Kernza® Perennial Grain Meeting 2022 in Salina, Kansas. An international group of presenters included Tessa Peters, Lee DeHaan, Aubrey Streit-Krug, Sophia Skelly, Amy Teller, Jake Jungers, Tara Ritter, Hanne Thomsen, Guangbin Luo, Javad Najafi, Pedro Correia, Prabin Bajgain, Jared Crain, Steve Larson, Valentin Picasso, Thomas McKenna, Olivier Duchene, Hannah Stoll, Connie Carlson, Tim Crews, Jess Gutknecht, Colin Cureton, George Annor, Christopher Abbott, Douglas Michael, Alexandra Diemer, Peter Miller, and Tammy Kimbler.
George Monbiot discussed his new book, Regenesis with journalist and broadcaster Lucy Siegle live from London. A team from The Land Institute was present in the live audience. Kernza® perennial grain was featured in the talk.
Monbiot opens Regenesis with a chapter on the fundamentals of soil science and covers the use of perennial rather than annual crops, i.e. crops that can be harvested multiple years in a row.
“Large areas dominated by annual plants are rare in nature. They tend to colonize ground in the wake of catastrophe […] in cultivating annuals, we must keep the land in the catastrophic state they prefer.”
Video recording of Professor Aviva Chomsky, author of Is Science Enough: Forty Critical Questions About Climate Justice, and author Stan Cox speak virtually at the Greenpoint Library and Environmental Education Center. This book examines why social, racial, and economic justice are as crucial as science in determining how we can reverse climate catastrophe.
Watch video of Dr. Ebony Murrell from The Land Institute and Jessica Butters from Kansas State University hosting a virtual webinar to discuss data collected during a 3-year research study on utilizing perennial grain species as border crops, and the services they provide in pollinator habitat, weed suppression, and forage potential. They also gave a brief virtual tour of the research plots and answered questions regarding perennial border crops and the services they provide.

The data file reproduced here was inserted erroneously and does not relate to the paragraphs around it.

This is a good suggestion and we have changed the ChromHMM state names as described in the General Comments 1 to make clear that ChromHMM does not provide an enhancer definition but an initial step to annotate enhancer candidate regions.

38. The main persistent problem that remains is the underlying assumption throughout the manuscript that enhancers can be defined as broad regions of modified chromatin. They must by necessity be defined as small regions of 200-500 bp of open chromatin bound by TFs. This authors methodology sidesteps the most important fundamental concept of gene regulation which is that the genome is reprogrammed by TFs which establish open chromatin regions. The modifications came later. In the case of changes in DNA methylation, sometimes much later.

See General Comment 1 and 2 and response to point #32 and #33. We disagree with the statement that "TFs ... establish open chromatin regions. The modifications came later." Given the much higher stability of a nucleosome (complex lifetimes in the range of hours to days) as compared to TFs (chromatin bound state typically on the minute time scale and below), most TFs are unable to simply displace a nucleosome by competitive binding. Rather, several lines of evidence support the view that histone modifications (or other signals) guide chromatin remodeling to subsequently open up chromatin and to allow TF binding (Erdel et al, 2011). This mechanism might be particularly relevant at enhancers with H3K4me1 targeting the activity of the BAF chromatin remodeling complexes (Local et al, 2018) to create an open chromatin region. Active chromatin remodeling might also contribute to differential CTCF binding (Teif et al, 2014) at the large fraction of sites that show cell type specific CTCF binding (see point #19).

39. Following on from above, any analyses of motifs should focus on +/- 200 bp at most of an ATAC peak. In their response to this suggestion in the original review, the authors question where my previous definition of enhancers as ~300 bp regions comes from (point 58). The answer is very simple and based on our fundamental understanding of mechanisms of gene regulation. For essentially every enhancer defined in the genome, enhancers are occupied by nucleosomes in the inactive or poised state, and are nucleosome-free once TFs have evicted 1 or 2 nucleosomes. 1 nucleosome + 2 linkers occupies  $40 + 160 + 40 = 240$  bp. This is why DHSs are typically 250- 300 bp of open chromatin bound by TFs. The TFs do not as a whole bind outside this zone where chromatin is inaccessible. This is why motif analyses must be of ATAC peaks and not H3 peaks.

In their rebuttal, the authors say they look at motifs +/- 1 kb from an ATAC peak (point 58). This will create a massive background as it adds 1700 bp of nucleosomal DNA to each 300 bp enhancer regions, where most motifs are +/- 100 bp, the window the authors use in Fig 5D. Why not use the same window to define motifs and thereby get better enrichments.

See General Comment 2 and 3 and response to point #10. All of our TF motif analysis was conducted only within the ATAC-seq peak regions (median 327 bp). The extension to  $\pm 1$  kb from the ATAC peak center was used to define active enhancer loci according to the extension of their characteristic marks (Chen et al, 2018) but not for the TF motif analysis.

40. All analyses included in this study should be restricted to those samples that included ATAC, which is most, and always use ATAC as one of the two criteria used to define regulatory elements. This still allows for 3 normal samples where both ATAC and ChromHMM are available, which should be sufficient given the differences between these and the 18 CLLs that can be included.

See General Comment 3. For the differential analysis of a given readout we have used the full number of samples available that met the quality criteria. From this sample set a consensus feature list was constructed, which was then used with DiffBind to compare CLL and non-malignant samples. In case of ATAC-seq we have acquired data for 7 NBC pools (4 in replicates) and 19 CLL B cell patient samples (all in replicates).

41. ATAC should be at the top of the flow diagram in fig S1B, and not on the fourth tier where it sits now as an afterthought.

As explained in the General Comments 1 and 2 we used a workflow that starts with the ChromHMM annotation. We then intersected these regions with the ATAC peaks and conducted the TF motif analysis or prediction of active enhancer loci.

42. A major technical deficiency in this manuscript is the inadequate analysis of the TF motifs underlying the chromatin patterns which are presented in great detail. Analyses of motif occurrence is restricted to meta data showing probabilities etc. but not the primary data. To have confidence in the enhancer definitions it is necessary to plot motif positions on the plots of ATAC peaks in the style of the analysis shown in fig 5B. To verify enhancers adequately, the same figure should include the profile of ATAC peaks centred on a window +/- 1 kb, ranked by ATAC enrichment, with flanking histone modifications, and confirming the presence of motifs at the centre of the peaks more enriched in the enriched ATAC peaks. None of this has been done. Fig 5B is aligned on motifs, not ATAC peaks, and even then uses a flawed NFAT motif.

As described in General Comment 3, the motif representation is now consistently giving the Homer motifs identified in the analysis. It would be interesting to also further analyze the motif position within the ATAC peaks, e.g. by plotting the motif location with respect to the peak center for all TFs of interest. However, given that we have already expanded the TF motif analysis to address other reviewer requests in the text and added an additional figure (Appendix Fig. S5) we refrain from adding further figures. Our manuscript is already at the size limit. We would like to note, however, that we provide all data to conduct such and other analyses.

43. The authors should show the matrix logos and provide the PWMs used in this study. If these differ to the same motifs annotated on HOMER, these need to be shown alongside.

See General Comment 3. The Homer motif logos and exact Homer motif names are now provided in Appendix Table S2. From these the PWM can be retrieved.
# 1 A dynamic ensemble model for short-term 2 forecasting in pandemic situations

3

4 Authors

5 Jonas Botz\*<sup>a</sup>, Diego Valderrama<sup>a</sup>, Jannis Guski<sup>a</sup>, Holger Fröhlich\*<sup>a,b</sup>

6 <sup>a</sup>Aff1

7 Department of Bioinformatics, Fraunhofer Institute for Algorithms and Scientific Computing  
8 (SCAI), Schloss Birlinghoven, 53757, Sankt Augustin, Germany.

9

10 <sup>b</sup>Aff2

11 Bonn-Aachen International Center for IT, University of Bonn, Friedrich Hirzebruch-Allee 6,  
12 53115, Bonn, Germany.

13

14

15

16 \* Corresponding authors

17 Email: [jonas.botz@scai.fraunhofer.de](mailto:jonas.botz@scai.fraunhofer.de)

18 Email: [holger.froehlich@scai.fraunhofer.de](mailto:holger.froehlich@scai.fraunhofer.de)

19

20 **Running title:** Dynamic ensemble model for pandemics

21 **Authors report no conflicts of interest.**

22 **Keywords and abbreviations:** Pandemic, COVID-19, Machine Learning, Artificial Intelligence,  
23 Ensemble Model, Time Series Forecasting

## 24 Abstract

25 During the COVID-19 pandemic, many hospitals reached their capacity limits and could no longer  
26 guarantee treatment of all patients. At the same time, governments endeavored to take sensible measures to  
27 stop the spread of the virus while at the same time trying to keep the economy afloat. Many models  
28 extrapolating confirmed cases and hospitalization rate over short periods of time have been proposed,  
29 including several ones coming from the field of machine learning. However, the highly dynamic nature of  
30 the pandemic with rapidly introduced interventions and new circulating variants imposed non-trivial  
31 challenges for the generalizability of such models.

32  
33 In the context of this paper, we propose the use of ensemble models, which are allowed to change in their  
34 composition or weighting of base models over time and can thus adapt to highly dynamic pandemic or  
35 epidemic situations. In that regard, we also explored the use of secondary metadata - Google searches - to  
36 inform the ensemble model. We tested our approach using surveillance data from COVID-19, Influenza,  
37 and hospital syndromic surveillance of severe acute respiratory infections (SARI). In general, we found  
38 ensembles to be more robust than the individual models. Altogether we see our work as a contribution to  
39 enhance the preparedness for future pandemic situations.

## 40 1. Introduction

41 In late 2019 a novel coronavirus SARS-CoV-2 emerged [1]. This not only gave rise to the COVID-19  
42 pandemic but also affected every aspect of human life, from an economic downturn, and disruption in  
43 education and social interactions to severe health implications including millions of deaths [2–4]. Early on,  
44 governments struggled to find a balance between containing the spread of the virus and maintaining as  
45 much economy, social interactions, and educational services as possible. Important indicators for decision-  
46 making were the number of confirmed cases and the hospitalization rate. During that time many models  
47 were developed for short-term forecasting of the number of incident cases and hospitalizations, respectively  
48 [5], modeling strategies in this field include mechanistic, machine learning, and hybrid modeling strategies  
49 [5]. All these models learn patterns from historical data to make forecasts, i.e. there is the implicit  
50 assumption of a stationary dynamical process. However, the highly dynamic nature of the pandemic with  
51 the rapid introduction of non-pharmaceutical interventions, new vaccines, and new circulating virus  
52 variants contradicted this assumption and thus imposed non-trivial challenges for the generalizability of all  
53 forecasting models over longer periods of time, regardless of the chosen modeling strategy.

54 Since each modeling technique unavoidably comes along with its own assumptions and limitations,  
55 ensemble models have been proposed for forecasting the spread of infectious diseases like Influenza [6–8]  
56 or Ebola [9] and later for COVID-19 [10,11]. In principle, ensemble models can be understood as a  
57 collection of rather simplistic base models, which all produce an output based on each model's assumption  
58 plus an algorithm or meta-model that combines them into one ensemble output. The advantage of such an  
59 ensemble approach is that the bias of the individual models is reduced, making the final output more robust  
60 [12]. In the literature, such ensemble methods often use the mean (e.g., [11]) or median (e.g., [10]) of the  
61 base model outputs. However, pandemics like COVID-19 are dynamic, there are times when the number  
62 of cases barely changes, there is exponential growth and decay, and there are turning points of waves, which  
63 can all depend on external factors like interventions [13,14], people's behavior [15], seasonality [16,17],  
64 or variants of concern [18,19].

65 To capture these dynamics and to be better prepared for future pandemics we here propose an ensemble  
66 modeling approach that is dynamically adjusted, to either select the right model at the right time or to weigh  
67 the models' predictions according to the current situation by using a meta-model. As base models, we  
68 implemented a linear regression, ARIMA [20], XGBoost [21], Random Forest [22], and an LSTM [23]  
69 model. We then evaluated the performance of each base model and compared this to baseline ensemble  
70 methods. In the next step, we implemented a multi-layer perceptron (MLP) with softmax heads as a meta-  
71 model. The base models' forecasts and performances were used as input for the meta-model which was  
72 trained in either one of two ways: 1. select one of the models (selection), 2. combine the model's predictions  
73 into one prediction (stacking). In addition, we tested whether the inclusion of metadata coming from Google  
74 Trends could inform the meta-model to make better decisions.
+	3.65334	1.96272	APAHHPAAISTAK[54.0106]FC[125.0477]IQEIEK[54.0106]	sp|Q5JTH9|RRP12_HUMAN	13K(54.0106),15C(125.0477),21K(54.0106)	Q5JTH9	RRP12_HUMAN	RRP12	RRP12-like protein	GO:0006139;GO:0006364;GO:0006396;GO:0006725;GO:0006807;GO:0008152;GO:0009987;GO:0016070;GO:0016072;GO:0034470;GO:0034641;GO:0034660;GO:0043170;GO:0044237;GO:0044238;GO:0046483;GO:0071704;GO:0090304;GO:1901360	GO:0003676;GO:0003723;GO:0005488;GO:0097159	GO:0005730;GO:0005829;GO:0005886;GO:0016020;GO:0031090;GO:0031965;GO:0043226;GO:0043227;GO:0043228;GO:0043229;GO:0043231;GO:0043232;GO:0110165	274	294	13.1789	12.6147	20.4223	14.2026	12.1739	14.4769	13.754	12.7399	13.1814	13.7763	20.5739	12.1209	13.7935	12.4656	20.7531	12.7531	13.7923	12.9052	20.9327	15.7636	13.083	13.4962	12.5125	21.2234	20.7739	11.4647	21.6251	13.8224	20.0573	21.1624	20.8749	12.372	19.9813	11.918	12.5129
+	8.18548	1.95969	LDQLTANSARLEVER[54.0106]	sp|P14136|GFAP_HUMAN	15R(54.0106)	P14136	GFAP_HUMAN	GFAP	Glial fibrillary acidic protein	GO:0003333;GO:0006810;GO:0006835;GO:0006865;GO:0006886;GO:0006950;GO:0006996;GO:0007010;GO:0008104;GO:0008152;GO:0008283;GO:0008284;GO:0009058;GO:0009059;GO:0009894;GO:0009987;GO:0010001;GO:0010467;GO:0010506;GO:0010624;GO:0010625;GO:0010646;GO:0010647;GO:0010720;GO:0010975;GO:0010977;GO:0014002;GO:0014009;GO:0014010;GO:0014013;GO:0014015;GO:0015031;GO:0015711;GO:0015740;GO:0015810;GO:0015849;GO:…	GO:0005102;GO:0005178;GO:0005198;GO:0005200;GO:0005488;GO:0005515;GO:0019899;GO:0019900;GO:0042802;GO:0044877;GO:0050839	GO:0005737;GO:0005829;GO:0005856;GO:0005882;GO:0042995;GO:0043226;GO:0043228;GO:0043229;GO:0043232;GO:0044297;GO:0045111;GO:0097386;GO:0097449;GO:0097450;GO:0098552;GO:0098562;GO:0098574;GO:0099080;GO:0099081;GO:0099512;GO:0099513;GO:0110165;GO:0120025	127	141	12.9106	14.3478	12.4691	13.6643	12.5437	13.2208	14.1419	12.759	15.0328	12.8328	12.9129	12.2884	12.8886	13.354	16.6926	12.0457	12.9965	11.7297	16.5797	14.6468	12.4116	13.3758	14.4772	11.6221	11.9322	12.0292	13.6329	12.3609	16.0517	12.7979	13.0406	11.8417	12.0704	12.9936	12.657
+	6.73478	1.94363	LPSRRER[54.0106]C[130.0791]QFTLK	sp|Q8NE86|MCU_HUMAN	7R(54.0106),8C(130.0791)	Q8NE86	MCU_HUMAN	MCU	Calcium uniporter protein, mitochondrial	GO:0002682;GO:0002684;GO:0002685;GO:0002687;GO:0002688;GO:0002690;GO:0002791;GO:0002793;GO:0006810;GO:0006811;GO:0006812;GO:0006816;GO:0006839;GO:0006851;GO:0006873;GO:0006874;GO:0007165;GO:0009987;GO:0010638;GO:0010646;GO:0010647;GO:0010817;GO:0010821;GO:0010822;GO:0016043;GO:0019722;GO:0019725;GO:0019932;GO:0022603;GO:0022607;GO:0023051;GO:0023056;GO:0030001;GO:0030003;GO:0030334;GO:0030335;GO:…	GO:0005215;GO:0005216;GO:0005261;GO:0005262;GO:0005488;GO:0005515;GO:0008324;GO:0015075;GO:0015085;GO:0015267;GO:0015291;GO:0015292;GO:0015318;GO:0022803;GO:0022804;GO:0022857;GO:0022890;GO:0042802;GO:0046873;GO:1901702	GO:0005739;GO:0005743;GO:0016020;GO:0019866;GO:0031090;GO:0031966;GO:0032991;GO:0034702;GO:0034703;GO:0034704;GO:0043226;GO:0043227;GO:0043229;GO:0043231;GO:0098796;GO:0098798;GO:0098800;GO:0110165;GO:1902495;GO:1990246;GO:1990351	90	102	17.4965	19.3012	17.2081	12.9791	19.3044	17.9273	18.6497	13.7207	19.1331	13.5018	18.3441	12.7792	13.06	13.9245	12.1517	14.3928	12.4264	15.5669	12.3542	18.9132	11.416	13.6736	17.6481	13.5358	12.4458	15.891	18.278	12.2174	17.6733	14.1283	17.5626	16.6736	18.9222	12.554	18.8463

Border crops have the potential to deliver agronomically important ecosystem services to crop fields. Perennial plantings could be advantageous in providing low-maintenance ground cover for field borders, flowers for pollinators, and even forage for livestock. In this webinar, we will discuss the border crop potential of four perennial species at The Land Institute being domesticated as perennial grain crops – sainfoin, silflower, cup plant, and Kernza® – compared to two known border and forage crops, alfalfa and a 9-species prairie mixture.
About 87% of the world’s harvested area is cultivated with annual crops, mainly grains, that must be resown every year/season. As continued climate change is rendering our existing cultivars increasingly vulnerable to stress, a shift to perennial grain crops would turn cropping into a carbon sink for decades, would likely reduce greenhouse gas emissions such as nitrous oxide, and would significantly reduce erosion and nutrient leakage. Perennial crops also have the potential to drastically reduce the costs of farming by cutting the need for external inputs (seeds, fertilizers, pesticides, machinery, energy, and labor) and hence generate social and economic advantages particularly to farmers and rural societies.